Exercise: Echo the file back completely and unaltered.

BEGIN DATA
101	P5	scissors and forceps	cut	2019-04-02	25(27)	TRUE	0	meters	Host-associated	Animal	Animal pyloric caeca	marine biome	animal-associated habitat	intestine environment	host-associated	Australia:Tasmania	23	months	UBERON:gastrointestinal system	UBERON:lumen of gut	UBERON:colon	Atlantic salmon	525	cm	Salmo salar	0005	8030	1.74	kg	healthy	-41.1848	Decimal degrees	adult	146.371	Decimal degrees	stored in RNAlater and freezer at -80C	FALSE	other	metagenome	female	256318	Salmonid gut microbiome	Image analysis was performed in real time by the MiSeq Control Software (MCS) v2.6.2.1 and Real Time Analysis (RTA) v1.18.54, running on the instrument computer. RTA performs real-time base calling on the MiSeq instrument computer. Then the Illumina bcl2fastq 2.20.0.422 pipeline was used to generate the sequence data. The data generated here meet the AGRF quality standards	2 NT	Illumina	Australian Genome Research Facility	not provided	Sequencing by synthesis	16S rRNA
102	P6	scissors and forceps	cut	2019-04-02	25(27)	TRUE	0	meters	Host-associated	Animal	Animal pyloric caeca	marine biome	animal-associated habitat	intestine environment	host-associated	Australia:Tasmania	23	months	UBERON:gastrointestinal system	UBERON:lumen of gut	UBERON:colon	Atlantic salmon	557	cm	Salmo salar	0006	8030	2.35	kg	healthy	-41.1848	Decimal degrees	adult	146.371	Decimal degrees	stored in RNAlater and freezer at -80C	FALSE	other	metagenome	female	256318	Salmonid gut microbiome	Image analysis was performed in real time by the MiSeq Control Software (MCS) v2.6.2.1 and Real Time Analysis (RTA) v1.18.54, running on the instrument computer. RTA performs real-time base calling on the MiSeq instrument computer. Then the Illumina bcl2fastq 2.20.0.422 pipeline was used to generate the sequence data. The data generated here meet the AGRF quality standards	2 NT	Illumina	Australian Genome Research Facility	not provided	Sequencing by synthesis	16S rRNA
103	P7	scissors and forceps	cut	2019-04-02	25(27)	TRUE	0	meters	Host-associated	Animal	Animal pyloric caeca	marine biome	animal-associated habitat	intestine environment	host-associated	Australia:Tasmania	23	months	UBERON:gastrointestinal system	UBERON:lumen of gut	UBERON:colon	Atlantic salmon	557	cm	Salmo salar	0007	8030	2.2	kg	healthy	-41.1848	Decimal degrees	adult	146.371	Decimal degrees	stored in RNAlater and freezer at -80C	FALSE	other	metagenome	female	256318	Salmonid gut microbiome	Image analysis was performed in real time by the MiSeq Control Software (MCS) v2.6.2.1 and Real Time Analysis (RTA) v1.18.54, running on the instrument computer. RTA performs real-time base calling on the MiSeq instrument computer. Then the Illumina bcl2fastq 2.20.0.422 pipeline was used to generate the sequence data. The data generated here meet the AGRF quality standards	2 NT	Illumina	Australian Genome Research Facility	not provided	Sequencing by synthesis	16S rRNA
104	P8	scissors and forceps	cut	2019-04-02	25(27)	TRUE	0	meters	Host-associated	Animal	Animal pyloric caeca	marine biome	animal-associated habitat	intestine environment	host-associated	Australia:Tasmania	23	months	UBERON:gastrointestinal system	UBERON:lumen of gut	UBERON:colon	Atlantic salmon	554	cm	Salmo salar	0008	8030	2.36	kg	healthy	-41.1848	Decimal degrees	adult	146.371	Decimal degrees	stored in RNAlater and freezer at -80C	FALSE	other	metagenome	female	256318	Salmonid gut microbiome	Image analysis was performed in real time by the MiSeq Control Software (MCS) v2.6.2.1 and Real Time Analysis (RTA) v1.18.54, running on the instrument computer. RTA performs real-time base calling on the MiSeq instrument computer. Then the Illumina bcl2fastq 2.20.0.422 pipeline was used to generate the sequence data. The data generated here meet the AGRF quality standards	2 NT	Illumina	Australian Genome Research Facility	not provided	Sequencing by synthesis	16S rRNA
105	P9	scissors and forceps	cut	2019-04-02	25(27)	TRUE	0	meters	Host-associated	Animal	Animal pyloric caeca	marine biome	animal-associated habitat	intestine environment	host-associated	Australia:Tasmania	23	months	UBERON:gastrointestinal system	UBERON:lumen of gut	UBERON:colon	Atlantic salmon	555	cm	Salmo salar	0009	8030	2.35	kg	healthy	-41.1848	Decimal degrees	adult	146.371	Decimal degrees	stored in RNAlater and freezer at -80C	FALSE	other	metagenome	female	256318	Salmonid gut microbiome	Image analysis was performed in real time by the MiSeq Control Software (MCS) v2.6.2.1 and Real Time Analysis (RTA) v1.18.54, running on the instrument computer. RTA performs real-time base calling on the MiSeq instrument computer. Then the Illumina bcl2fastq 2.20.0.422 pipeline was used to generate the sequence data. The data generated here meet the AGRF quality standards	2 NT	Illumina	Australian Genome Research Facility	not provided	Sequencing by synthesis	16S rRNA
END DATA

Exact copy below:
101	P5	scissors and forceps	cut	2019-04-02	25(27)	TRUE	0	meters	Host-associated	Animal	Animal pyloric caeca	marine biome	animal-associated habitat	intestine environment	host-associated	Australia:Tasmania	23	months	UBERON:gastrointestinal system	UBERON:lumen of gut	UBERON:colon	Atlantic salmon	525	cm	Salmo salar	0005	8030	1.74	kg	healthy	-41.1848	Decimal degrees	adult	146.371	Decimal degrees	stored in RNAlater and freezer at -80C	FALSE	other	metagenome	female	256318	Salmonid gut microbiome	Image analysis was performed in real time by the MiSeq Control Software (MCS) v2.6.2.1 and Real Time Analysis (RTA) v1.18.54, running on the instrument computer. RTA performs real-time base calling on the MiSeq instrument computer. Then the Illumina bcl2fastq 2.20.0.422 pipeline was used to generate the sequence data. The data generated here meet the AGRF quality standards	2 NT	Illumina	Australian Genome Research Facility	not provided	Sequencing by synthesis	16S rRNA
102	P6	scissors and forceps	cut	2019-04-02	25(27)	TRUE	0	meters	Host-associated	Animal	Animal pyloric caeca	marine biome	animal-associated habitat	intestine environment	host-associated	Australia:Tasmania	23	months	UBERON:gastrointestinal system	UBERON:lumen of gut	UBERON:colon	Atlantic salmon	557	cm	Salmo salar	0006	8030	2.35	kg	healthy	-41.1848	Decimal degrees	adult	146.371	Decimal degrees	stored in RNAlater and freezer at -80C	FALSE	other	metagenome	female	256318	Salmonid gut microbiome	Image analysis was performed in real time by the MiSeq Control Software (MCS) v2.6.2.1 and Real Time Analysis (RTA) v1.18.54, running on the instrument computer. RTA performs real-time base calling on the MiSeq instrument computer. Then the Illumina bcl2fastq 2.20.0.422 pipeline was used to generate the sequence data. The data generated here meet the AGRF quality standards	2 NT	Illumina	Australian Genome Research Facility	not provided	Sequencing by synthesis	16S rRNA
103	P7	scissors and forceps	cut	2019-04-02	25(27)	TRUE	0	meters	Host-associated	Animal	Animal pyloric caeca	marine biome	animal-associated habitat	intestine environment	host-associated	Australia:Tasmania	23	months	UBERON:gastrointestinal system	UBERON:lumen of gut	UBERON:colon	Atlantic salmon	557	cm	Salmo salar	0007	8030	2.2	kg	healthy	-41.1848	Decimal degrees	adult	146.371	Decimal degrees	stored in RNAlater and freezer at -80C	FALSE	other	metagenome	female	256318	Salmonid gut microbiome	Image analysis was performed in real time by the MiSeq Control Software (MCS) v2.6.2.1 and Real Time Analysis (RTA) v1.18.54, running on the instrument computer. RTA performs real-time base calling on the MiSeq instrument computer. Then the Illumina bcl2fastq 2.20.0.422 pipeline was used to generate the sequence data. The data generated here meet the AGRF quality standards	2 NT	Illumina	Australian Genome Research Facility	not provided	Sequencing by synthesis	16S rRNA
104	P8	scissors and forceps	cut	2019-04-02	25(27)	TRUE	0	meters	Host-associated	Animal	Animal pyloric caeca	marine biome	animal-associated habitat	intestine environment	host-associated	Australia:Tasmania	23	months	UBERON:gastrointestinal system	UBERON:lumen of gut	UBERON:colon	Atlantic salmon	554	cm	Salmo salar	0008	8030	2.36	kg	healthy	-41.1848	Decimal degrees	adult	146.371	Decimal degrees	stored in RNAlater and freezer at -80C	FALSE	other	metagenome	female	256318	Salmonid gut microbiome	Image analysis was performed in real time by the MiSeq Control Software (MCS) v2.6.2.1 and Real Time Analysis (RTA) v1.18.54, running on the instrument computer. RTA performs real-time base calling on the MiSeq instrument computer. Then the Illumina bcl2fastq 2.20.0.422 pipeline was used to generate the sequence data. The data generated here meet the AGRF quality standards	2 NT	Illumina	Australian Genome Research Facility	not provided	Sequencing by synthesis	16S rRNA
105	P9	scissors and forceps	cut	2019-04-02	25(27)	TRUE	0	meters	Host-associated	Animal	Animal pyloric caeca	marine biome	animal-associated habitat	intestine environment	host-associated	Australia:Tasmania	23	months	UBERON:gastrointestinal system	UBERON:lumen of gut	UBERON:colon	Atlantic salmon	555	cm	Salmo salar	0009	8030	2.35	kg	healthy	-41.1848	Decimal degrees	adult	146.371	Decimal degrees	stored in RNAlater and freezer at -80C	FALSE	other	metagenome	female	256318	Salmonid gut microbiome	Image analysis was performed in real time by the MiSeq Control Software (MCS) v2.6.2.1 and Real Time Analysis (RTA) v1.18.54, running on the instrument computer. RTA performs real-time base calling on the MiSeq instrument computer. Then the Illumina bcl2fastq 2.20.0.422 pipeline was used to generate the sequence data. The data generated here meet the AGRF quality standards	2 NT	Illumina	Australian Genome Research Facility	not provided	Sequencing by synthesis	16S rRNA